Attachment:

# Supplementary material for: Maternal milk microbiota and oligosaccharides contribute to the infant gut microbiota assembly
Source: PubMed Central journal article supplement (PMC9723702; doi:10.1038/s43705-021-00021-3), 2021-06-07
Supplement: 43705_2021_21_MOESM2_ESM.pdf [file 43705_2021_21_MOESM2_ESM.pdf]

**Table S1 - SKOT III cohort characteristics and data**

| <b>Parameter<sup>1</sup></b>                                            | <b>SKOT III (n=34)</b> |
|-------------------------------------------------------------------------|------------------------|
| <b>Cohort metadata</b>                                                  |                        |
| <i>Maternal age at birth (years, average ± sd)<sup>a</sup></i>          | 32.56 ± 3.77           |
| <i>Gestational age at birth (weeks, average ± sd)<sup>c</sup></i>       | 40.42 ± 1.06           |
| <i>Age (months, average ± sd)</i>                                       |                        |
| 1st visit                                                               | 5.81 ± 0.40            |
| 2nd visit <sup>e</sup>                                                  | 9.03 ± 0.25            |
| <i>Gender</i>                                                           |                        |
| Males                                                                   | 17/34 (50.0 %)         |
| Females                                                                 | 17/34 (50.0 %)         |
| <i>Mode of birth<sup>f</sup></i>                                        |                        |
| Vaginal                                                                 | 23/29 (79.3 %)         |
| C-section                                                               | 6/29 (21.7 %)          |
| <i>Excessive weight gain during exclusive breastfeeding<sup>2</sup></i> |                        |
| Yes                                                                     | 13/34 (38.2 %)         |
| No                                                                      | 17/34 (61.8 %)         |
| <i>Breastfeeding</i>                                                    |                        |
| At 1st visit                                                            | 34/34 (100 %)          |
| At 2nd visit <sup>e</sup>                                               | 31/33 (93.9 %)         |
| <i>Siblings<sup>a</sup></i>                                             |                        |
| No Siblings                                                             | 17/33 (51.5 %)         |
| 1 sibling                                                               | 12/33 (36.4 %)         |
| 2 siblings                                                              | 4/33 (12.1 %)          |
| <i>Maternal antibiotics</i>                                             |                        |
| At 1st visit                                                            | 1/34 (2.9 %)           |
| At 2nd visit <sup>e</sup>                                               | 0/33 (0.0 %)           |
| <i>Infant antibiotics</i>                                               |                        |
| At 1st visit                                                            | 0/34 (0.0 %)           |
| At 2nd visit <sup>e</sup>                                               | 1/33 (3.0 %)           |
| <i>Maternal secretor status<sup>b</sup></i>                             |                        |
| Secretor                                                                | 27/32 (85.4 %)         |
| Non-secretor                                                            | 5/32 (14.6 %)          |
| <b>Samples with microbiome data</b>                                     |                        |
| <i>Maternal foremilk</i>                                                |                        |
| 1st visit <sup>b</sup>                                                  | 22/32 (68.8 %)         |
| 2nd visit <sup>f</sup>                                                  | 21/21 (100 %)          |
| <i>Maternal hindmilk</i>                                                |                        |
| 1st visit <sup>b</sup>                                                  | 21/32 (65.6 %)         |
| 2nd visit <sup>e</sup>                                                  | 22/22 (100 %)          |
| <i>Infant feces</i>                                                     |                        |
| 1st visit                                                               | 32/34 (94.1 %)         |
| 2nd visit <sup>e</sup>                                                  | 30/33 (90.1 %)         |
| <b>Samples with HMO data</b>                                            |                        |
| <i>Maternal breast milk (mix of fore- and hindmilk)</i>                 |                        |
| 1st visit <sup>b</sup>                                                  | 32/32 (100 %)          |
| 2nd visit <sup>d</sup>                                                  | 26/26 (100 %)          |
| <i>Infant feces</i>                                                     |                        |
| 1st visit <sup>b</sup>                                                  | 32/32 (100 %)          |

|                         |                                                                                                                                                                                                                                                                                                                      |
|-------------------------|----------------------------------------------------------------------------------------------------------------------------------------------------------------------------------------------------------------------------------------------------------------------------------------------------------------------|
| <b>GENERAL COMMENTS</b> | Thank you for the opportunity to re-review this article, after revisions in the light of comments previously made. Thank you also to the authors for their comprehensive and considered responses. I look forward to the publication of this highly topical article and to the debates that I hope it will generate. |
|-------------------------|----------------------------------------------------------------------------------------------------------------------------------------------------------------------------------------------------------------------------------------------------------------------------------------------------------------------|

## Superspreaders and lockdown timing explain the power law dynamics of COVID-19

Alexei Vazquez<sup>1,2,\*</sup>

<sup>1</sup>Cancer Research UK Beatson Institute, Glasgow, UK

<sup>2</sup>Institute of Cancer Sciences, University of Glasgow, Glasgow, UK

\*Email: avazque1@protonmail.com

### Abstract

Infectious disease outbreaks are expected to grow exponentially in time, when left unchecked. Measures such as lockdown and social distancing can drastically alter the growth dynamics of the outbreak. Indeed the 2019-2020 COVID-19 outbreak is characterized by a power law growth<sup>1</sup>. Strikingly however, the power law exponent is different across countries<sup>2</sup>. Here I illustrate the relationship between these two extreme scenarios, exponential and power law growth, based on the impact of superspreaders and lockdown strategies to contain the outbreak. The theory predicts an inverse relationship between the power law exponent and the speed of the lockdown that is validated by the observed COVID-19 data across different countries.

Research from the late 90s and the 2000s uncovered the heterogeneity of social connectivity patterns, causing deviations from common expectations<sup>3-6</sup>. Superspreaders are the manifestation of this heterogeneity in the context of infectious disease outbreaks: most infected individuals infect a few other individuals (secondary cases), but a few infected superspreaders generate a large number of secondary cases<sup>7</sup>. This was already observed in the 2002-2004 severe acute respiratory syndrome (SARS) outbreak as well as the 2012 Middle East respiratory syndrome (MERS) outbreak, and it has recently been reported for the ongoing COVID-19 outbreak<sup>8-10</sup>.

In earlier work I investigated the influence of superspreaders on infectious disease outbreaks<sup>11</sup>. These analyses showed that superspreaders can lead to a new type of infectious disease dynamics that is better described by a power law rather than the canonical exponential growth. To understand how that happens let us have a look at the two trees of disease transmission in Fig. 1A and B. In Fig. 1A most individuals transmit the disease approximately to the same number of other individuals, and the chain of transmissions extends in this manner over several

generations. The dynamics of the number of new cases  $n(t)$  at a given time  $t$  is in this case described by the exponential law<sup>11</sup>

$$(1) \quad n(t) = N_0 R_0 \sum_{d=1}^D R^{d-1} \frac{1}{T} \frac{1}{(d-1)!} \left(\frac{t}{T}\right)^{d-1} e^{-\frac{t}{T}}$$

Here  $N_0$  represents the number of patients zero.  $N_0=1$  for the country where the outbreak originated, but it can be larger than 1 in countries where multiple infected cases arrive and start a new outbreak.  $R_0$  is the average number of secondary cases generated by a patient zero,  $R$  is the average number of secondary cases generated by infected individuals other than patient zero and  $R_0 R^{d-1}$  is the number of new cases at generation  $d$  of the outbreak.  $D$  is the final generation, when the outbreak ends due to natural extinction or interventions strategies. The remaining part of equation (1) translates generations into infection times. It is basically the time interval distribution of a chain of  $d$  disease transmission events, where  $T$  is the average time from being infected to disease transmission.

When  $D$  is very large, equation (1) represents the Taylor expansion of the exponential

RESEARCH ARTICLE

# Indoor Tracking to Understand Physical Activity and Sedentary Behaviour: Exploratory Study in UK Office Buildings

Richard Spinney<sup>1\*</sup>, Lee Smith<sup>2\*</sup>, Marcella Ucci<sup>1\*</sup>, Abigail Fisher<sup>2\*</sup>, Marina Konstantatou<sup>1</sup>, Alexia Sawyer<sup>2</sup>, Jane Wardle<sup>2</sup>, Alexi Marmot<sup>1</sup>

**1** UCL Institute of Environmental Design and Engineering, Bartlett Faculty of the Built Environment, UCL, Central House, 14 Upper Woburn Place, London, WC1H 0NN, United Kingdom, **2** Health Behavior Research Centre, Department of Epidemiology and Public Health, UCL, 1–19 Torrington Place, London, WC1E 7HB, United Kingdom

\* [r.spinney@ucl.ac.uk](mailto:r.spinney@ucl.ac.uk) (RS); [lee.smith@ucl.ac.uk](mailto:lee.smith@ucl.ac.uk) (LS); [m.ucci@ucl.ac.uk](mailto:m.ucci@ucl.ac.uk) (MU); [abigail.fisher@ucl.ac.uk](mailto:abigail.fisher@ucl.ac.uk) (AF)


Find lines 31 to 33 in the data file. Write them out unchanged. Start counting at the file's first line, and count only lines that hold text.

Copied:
| At 2nd visit <sup>e</sup>                                               | 0/33 (0.0 %)           |
| <i>Infant antibiotics</i>                                               |                        |
| At 1st visit                                                            | 0/34 (0.0 %)           |